Our conversation turned to boundaries and when to decide to keep my circle smaller than it is currently. I want to spend quality time with people who I love and who bring me joy. This is where my heart is heading as I look at narrowing the gate. I am becoming a bit more emotional because of this and so many other issues. The poor man who does my taxes and I usually shake hands at the end of our meeting but I could not say see you next year this time and he understood. He made the mistake of giving me a hug as he left and as we pulled apart tears fell. I am so cognizant that every annual event I do may be the last time I do it or the last time I see someone. I am basket case material lately. That cacophonous clock creates chaos.
Please forgive me as I begin to make hard decisions about how I will spend my time if they do not fall into accordance with your wishes. My energy is still fairly good but at the same time looks are deceiving. I happened to understand this a little better the other week. The TV was on and Ellen was interviewing a man as I cut through the living room to grab something I needed. I heard her say that he had six months to live. I pivoted and sat down on my couch just as she said he looked great. Oh Ellen, et tu? I had to concede though that he did look pretty darn good, just like me. I am learning that this is a compliment of sorts…that the elephant-in-the-room unspoken ending for someone who is dying is not always the intent. It is better than the alternative I suppose–you look horrible! I digress though…bear with me, is what I want to say, and please try to understand if I say no, I cannot hang out with you. Do not assume that it is because I am busy. I am trying to preserve my sanity and my diminished energy.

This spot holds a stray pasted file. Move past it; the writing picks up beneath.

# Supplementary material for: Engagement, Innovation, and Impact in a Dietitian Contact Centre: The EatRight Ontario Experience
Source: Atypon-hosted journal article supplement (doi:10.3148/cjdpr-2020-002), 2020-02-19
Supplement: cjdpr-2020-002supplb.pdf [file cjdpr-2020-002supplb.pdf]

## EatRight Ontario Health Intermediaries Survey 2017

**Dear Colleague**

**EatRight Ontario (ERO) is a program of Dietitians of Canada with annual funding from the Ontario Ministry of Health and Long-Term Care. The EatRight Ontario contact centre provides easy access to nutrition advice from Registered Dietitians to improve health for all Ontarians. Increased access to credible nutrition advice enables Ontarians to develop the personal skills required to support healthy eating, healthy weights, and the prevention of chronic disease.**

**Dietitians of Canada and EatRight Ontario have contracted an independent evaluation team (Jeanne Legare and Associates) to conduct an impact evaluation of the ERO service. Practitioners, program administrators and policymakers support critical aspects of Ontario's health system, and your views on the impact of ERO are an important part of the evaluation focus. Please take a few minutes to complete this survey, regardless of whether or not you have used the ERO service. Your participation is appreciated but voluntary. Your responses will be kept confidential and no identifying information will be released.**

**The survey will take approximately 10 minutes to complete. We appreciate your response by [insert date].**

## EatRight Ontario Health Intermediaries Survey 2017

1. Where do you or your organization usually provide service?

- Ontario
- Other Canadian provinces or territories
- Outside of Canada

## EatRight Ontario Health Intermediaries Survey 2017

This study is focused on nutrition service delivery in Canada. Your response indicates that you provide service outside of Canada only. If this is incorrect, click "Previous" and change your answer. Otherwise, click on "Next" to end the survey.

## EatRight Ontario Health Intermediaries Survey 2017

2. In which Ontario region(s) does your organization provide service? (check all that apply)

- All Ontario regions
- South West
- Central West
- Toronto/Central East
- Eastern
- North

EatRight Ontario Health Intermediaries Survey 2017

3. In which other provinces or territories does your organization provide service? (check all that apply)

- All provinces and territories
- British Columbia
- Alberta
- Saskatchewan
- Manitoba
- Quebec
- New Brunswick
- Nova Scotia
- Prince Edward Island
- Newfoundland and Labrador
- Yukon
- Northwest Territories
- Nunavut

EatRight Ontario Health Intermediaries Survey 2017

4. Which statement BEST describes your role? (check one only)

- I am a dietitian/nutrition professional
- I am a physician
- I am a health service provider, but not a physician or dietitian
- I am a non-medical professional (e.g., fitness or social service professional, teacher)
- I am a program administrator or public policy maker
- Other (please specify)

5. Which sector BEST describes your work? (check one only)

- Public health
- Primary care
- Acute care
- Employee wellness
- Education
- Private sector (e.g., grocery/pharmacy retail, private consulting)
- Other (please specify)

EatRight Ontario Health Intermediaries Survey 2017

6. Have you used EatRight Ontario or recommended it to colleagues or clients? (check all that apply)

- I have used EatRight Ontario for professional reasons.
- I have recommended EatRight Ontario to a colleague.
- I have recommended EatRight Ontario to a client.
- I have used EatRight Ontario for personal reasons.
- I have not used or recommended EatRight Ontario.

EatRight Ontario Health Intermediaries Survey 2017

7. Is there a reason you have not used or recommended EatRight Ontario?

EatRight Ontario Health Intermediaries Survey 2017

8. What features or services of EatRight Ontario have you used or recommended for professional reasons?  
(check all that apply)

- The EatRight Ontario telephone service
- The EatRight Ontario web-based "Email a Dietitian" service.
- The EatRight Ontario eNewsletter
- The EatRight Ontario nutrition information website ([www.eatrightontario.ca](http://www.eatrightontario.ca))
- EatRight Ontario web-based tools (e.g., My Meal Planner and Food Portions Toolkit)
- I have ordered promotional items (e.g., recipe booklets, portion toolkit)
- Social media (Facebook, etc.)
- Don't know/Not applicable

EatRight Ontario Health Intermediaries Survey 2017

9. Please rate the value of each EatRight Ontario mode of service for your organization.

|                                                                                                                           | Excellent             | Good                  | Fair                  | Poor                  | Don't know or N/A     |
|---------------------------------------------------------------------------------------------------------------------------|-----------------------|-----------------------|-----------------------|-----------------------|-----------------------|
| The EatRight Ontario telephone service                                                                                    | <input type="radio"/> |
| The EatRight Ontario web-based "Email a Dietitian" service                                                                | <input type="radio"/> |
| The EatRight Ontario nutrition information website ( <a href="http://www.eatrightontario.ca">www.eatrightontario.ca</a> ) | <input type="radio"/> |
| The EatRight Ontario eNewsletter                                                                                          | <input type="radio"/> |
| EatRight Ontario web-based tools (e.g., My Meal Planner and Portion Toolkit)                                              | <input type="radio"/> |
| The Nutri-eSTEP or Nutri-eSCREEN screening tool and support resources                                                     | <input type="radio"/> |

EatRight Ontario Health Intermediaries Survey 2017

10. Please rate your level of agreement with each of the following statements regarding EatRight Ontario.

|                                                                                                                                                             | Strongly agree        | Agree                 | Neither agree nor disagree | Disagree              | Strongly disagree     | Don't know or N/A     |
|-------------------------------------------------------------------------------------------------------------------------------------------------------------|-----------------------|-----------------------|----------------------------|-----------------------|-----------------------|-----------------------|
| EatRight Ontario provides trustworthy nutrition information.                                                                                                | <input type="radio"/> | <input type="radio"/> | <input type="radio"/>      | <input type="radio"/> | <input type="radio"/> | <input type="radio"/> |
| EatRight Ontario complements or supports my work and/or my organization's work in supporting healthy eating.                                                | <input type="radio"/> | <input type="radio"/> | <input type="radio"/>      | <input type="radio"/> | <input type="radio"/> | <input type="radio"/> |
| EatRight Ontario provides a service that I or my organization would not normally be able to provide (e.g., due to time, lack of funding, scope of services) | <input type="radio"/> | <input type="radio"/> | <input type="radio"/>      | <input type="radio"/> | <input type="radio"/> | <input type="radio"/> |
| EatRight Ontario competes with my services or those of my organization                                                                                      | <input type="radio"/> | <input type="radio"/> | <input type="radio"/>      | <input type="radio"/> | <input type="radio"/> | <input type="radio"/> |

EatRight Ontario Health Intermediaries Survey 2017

What you can do when we are together is not always remind me that I am sick. That makes the clock annoyingly loud. I know you are concerned and worried but normal conversation is really appealing to me. I am interested in your life, even when my energy fades and I begin to yawn. Certain people need to stop asking me how I am because it sounds like I am tottering on the ledge of a coffin when they ask it. Other people just need to learn to be like most of my inner core folks and take my lead. The cancer is not the most pressing conversation for me. I am still actively living a-less-full life but a life nonetheless and this is so much more interesting dialogue material.
I am not sure what these remaining months will look like. It may well be a year. I believe in miracles. I do, though they may look different than the one that others cling to. I have long known that miracles happen every single day, in remarkable and humble ways. I think it is a miracle that I am still here today–that despite not having severe symptoms, I found my way to a doctor who took me seriously and sent me to another specialist whose steady hand bought me the gift of these 12 months. I look great! That has to be a miracle, right? I am not in pain–that is a blessing too. I am surrounded by amazing people. Miracles abound and my eyes are open to them. I plan on beating the odds I was given. I know from volunteering in palliative care for many years that I have probably been given the shorter time frame than the longer one. That clock can keep on ticking and I will keep on living….until I am done, and as a dear friend used to say, the word of my life is fully spoken.
How well do you draw boundaries?
What words can you offer a terminally ill person to help them feel alive?
Tick tock, Satan shouts.
You rock! God whispers.
You will die, Satan slithers.
That is a lie, God smiles.
Here is to everlasting life! Amen.